Juice Company Dumped 12,000 Tons of Orange Peels on Lifeless Soil and Turned It Into a Lush Forest

The development of a landfill typically means the loss of several species, but in the case of one Costa Rican dump site — one company’s trash became the forest’s treasure. What began as a land dumpsite agreement between Del Oro juice company and Guanacaste Conservation Area blossomed into a fruitful experiment that revitalized the area after the dumping stopped. In 1997, government officials agreed to permit Del Oro to dump their orange peels — which have no pesticides or insecticides — into the forest in an area where the soil quality was poor. Over the course of 15 years, 12,000 metric tons of orange pulp and peels were dumped onto a 35,000-square-foot stretch. To the amazement of researchers, the orange peels had completely transformed the land’s fertility from barren lifeless soil into a thick, rich, loamy mixture. What was once useless soil became a lush forest. The rediscovery gives hope to other companies that there are ways to execute waste management in environmentally and ecologically-sound ways.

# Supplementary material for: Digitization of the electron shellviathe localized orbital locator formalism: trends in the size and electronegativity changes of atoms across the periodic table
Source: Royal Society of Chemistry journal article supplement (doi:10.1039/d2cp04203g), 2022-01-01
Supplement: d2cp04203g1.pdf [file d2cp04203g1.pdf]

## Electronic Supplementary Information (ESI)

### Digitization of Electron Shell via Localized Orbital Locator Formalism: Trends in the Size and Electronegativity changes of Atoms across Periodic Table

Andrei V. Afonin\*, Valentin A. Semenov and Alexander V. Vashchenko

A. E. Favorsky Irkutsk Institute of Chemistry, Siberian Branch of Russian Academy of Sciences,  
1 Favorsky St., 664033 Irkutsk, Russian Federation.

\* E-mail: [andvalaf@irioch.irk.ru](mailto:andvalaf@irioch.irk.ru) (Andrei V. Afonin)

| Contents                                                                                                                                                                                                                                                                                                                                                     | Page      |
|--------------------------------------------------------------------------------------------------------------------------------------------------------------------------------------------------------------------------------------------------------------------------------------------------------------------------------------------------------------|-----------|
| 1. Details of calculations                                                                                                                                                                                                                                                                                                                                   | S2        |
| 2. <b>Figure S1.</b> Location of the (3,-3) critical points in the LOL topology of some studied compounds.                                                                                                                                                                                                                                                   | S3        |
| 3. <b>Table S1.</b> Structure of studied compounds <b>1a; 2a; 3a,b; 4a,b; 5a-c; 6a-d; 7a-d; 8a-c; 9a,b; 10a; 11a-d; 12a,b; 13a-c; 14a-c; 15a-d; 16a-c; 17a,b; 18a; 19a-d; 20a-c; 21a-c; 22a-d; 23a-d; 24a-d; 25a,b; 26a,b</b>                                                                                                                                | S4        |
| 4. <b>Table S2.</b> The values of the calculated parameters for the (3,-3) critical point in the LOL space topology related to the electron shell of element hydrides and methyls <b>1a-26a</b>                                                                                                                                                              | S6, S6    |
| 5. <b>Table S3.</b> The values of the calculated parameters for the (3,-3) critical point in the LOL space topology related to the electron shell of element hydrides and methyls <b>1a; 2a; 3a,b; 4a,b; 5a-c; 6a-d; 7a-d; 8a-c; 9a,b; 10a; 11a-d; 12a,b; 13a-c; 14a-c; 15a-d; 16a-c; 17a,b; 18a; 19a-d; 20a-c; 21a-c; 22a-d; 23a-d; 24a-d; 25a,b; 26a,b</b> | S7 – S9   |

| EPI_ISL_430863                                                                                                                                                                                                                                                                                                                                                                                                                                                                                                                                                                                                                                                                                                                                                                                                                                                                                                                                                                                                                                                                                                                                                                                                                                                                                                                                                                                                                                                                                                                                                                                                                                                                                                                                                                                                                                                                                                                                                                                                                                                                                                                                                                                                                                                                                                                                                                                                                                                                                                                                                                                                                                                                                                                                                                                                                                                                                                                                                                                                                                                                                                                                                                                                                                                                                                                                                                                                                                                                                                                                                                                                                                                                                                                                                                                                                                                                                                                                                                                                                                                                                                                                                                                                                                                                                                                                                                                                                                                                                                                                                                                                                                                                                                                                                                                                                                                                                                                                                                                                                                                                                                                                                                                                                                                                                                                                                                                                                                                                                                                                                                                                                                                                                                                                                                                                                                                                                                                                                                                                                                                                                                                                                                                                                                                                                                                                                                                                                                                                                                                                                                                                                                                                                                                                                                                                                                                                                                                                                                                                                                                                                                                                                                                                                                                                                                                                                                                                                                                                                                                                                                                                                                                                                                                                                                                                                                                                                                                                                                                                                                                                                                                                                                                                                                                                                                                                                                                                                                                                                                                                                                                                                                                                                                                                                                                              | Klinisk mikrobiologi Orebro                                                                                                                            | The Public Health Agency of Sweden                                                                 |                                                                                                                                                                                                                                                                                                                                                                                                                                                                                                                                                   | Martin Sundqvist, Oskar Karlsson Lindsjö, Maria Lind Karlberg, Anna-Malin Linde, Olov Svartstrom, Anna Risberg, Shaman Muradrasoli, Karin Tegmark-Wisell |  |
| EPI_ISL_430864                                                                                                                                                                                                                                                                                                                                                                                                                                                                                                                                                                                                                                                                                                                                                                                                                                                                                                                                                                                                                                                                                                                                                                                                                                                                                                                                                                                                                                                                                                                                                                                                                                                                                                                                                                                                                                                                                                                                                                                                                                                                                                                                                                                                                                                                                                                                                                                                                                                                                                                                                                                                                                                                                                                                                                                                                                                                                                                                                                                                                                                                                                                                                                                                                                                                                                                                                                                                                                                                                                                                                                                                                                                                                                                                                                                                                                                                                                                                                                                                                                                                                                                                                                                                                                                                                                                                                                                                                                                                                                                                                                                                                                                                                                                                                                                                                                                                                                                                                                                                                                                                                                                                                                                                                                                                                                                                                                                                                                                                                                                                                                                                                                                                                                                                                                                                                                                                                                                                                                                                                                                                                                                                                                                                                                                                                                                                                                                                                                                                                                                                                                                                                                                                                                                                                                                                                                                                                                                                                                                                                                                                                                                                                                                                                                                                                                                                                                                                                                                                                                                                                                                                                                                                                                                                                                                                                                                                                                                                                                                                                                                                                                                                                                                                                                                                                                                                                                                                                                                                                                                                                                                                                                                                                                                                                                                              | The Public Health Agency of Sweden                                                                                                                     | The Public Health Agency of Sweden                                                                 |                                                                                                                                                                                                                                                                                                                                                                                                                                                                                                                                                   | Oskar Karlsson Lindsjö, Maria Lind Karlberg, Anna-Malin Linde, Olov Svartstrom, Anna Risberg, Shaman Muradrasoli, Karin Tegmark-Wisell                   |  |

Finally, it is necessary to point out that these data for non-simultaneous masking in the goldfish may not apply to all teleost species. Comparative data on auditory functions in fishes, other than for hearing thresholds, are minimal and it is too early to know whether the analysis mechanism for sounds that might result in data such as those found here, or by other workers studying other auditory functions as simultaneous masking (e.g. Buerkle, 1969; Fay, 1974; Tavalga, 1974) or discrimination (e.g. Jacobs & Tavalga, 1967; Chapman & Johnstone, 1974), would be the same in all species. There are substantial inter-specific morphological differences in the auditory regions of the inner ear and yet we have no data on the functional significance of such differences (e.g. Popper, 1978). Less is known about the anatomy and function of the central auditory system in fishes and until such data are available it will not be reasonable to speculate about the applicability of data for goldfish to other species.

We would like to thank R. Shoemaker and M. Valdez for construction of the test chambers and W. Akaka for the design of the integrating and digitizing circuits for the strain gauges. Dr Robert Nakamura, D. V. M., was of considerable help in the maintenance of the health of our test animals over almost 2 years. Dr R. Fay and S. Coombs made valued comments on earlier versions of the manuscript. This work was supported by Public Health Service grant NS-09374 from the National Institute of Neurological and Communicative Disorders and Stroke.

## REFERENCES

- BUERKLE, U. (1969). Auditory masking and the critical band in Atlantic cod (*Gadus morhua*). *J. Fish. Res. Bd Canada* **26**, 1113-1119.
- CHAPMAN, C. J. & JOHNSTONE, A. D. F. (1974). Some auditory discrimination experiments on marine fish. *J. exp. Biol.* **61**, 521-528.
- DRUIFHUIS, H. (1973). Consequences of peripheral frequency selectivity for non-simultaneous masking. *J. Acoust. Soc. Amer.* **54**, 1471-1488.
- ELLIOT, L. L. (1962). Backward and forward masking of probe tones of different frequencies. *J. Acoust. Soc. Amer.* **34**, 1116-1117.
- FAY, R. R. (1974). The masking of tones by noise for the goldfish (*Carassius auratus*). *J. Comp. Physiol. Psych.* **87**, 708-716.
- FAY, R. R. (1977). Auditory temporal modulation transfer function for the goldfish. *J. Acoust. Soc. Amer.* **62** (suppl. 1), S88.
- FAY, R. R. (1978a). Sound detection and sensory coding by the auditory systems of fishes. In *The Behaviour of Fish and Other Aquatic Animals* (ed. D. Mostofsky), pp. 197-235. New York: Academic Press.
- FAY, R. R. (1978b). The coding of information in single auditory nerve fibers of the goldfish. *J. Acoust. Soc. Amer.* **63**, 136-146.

Before orange peels were dumped on the land

15 years later